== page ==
The importance of preparing students for postschool employment cannot be overstated. In fact, postschool employment is correlated with improved quality of life (Canha et al., 2013); however, students with disabilities, especially students with significant disabilities, experience lower rates of employment, wages, and benefits compared to peers without disabilities (Cheng & Shaewitz, 2021). When students with disabilities receive work experiences during high school, they are more likely to have improved employment outcomes after school (Mazzotti et al., 2021). School-based enterprises are one type of work experience that may help students with disabilities prepare for employment after high school.
A school-based enterprise is an entrepreneurial venture within the school setting that operates like a small business. Students are actively engaged in designing, organizing, and managing the day-to-day operations of the enterprise, with support from school personnel. The dynamic nature of school-based enterprises allows students with varying abilities and interests to gain hands-on work experience. These experiences reinforce academic and employability skills learned in the classroom (DECA, 2022).
School-based enterprises typically emerge in response to an identified need in the marketplace for a particular product or service (DECA, 2022). For example, the need for an entity that creates T-shirts for groups sponsoring special events might lead to the creation of an enterprise that prints custom T-shirts. Regardless of the nature of the enterprise, it must fill an ongoing need in the marketplace in order to sustain over time.
There are two broad types of school-based enterprises. One type sells products whereas the second type provides services (Gamache & Knab, 2018). Products are items that can be sold for a profit. The cost of the products sold are dependent upon the cost of the materials (Gamache & Knab, 2018; NTACT, 2018). School-based enterprises focused on products usually need to have a high quantity of supplies on hand. For example, a commonly used school-based enterprise is selling coffee from a coffee shop, and related items would include coffee, creamer, cups, lids, stirrers, coffee machines, and more. Although coffee shop school-based enterprises are popular, there are additional school-based enterprises that sell products that can be used to develop work-related skills (see Table 1).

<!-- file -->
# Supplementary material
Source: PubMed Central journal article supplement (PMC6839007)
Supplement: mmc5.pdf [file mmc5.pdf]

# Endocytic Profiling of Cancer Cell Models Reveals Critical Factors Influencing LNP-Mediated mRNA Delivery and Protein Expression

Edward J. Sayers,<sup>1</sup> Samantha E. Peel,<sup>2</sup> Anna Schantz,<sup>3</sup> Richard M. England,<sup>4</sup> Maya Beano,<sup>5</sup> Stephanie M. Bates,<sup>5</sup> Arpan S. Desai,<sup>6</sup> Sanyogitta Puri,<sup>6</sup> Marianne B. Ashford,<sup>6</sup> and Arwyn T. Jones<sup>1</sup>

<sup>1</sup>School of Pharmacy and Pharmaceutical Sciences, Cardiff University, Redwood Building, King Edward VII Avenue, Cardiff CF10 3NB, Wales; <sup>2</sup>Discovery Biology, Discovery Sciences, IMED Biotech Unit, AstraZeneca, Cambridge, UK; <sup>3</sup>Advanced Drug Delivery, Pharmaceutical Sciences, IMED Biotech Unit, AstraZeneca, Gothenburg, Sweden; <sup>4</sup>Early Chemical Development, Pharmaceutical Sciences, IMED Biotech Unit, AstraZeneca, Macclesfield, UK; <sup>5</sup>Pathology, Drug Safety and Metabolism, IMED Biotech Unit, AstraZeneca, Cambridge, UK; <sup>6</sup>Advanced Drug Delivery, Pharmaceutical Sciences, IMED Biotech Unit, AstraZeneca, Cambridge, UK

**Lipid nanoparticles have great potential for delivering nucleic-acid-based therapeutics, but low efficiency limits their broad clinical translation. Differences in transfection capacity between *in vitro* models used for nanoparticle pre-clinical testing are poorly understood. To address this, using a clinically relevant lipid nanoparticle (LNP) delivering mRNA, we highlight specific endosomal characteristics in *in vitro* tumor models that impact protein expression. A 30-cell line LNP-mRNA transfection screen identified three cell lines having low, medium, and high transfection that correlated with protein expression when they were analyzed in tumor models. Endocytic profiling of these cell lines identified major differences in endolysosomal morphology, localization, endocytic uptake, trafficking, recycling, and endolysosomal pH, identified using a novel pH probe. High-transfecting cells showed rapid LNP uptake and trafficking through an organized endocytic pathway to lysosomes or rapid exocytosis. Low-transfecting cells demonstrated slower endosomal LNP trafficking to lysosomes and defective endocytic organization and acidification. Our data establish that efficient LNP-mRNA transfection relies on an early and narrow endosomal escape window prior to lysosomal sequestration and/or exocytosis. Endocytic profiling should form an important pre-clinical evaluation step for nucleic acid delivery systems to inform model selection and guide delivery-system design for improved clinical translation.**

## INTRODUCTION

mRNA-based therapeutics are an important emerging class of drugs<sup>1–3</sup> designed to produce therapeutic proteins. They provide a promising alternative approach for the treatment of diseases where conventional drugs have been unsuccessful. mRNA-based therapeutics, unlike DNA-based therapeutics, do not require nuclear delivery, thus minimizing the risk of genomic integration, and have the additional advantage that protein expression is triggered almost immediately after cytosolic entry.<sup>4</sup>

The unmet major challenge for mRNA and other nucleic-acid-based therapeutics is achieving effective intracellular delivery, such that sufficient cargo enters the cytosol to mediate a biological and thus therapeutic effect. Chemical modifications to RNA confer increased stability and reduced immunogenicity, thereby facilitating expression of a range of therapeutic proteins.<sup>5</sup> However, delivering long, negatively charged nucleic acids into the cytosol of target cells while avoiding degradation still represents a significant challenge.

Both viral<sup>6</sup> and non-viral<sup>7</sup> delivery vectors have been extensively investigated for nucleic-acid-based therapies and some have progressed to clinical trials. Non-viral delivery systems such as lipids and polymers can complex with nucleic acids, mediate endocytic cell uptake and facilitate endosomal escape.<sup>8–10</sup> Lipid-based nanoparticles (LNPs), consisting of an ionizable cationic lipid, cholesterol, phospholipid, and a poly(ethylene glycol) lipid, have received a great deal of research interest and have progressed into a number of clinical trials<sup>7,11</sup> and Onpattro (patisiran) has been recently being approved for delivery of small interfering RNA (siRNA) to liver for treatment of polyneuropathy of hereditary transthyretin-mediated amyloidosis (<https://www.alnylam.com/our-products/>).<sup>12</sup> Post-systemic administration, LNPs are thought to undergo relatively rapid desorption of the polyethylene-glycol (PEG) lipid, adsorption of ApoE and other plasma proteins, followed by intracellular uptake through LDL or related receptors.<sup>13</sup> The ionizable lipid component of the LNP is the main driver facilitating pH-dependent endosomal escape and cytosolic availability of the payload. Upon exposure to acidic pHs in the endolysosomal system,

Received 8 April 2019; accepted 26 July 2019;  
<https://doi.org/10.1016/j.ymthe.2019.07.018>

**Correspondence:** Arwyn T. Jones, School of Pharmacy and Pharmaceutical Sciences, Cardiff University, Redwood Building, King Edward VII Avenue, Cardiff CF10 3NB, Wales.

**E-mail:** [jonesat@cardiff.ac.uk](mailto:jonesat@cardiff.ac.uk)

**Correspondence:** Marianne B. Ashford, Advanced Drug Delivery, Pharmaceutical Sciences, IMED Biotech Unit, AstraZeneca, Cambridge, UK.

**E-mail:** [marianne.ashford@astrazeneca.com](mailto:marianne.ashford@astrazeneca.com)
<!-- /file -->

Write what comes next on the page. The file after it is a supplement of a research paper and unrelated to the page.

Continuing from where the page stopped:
School-Based Enterprise Ideas
|Product Categories||Types of Products|
|Agricultural/horticultural products||Flowers, fruits, vegetables|
|Holiday- or season-specific items||Cards, candygrams, holiday-specific items|
|School-specific items||Notepads, sticky notes, sweaters, sweatshirts|
|Food||Cookies, brownies, other student-made snacks|
|Concession Stands||Candy bars, chips, bottled water|
Note. Table based on Gamache & Knab (2018)
Other school-based enterprises provide services. Unlike product-focused school-based enterprises, services are typically labor intensive, but they require lower levels of inventory (Gamache & Knab, 2018). The success of a school-based enterprise focused on service is dependent on developing a positive reputation from customers. To garner a positive reputation, the enterprise must have workers with the skills necessary to effectively provide the service (Gamache & Knab, 2018). There are a variety of services that can be the focus of a school-based enterprise, including car washing, childcare, cleaning, computer repair, gift wrapping, graphics work, lawn care and landscaping, logo creation, photography, and more.
School-based enterprises provide multiple benefits to students, including opportunities to learn and apply skills needed across all jobs, such as reliability, teamwork, and communication skills (Gugerty et al., 2008). In addition, school-based enterprises can help students develop career awareness, engage in career exploration, and develop their strengths, preferences, and interests (Gugerty et al., 2008; Individuals with Disabilities Education Act, 2004). The benefits of school-based enterprises also include increased academic performance, behavior, and school attendance (Tindall et al., 1996). Last, but not least, school-based enterprises can help students develop self-determination skills (Gamache & Knab, 2018).